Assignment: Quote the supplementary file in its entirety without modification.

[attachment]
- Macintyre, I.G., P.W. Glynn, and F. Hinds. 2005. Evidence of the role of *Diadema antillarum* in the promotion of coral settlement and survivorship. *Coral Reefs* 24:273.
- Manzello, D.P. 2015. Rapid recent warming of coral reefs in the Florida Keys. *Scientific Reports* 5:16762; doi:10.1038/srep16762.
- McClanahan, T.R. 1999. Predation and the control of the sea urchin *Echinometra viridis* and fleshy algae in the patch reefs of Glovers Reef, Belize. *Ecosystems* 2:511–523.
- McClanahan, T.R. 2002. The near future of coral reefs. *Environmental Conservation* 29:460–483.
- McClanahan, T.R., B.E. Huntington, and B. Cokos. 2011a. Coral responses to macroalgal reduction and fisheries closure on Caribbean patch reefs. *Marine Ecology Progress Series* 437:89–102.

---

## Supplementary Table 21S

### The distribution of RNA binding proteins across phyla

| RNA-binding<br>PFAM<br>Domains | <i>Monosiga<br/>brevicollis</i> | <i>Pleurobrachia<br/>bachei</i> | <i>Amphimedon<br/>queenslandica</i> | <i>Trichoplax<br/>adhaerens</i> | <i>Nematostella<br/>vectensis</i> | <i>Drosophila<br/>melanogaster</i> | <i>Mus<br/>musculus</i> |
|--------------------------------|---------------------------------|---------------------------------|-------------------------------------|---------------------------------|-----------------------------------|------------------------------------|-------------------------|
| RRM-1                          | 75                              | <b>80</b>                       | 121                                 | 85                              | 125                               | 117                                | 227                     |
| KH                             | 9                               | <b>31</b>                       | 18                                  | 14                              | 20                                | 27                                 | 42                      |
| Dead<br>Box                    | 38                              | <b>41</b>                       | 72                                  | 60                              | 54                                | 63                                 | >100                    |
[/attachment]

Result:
- Macintyre, I.G., P.W. Glynn, and F. Hinds. 2005. Evidence of the role of *Diadema antillarum* in the promotion of coral settlement and survivorship. *Coral Reefs* 24:273.
- Manzello, D.P. 2015. Rapid recent warming of coral reefs in the Florida Keys. *Scientific Reports* 5:16762; doi:10.1038/srep16762.
- McClanahan, T.R. 1999. Predation and the control of the sea urchin *Echinometra viridis* and fleshy algae in the patch reefs of Glovers Reef, Belize. *Ecosystems* 2:511–523.
- McClanahan, T.R. 2002. The near future of coral reefs. *Environmental Conservation* 29:460–483.
- McClanahan, T.R., B.E. Huntington, and B. Cokos. 2011a. Coral responses to macroalgal reduction and fisheries closure on Caribbean patch reefs. *Marine Ecology Progress Series* 437:89–102.

---

## Supplementary Table 21S

### The distribution of RNA binding proteins across phyla

| RNA-binding<br>PFAM<br>Domains | <i>Monosiga<br/>brevicollis</i> | <i>Pleurobrachia<br/>bachei</i> | <i>Amphimedon<br/>queenslandica</i> | <i>Trichoplax<br/>adhaerens</i> | <i>Nematostella<br/>vectensis</i> | <i>Drosophila<br/>melanogaster</i> | <i>Mus<br/>musculus</i> |
|--------------------------------|---------------------------------|---------------------------------|-------------------------------------|---------------------------------|-----------------------------------|------------------------------------|-------------------------|
| RRM-1                          | 75                              | <b>80</b>                       | 121                                 | 85                              | 125                               | 117                                | 227                     |
| KH                             | 9                               | <b>31</b>                       | 18                                  | 14                              | 20                                | 27                                 | 42                      |
| Dead<br>Box                    | 38                              | <b>41</b>                       | 72                                  | 60                              | 54                                | 63                                 | >100                    |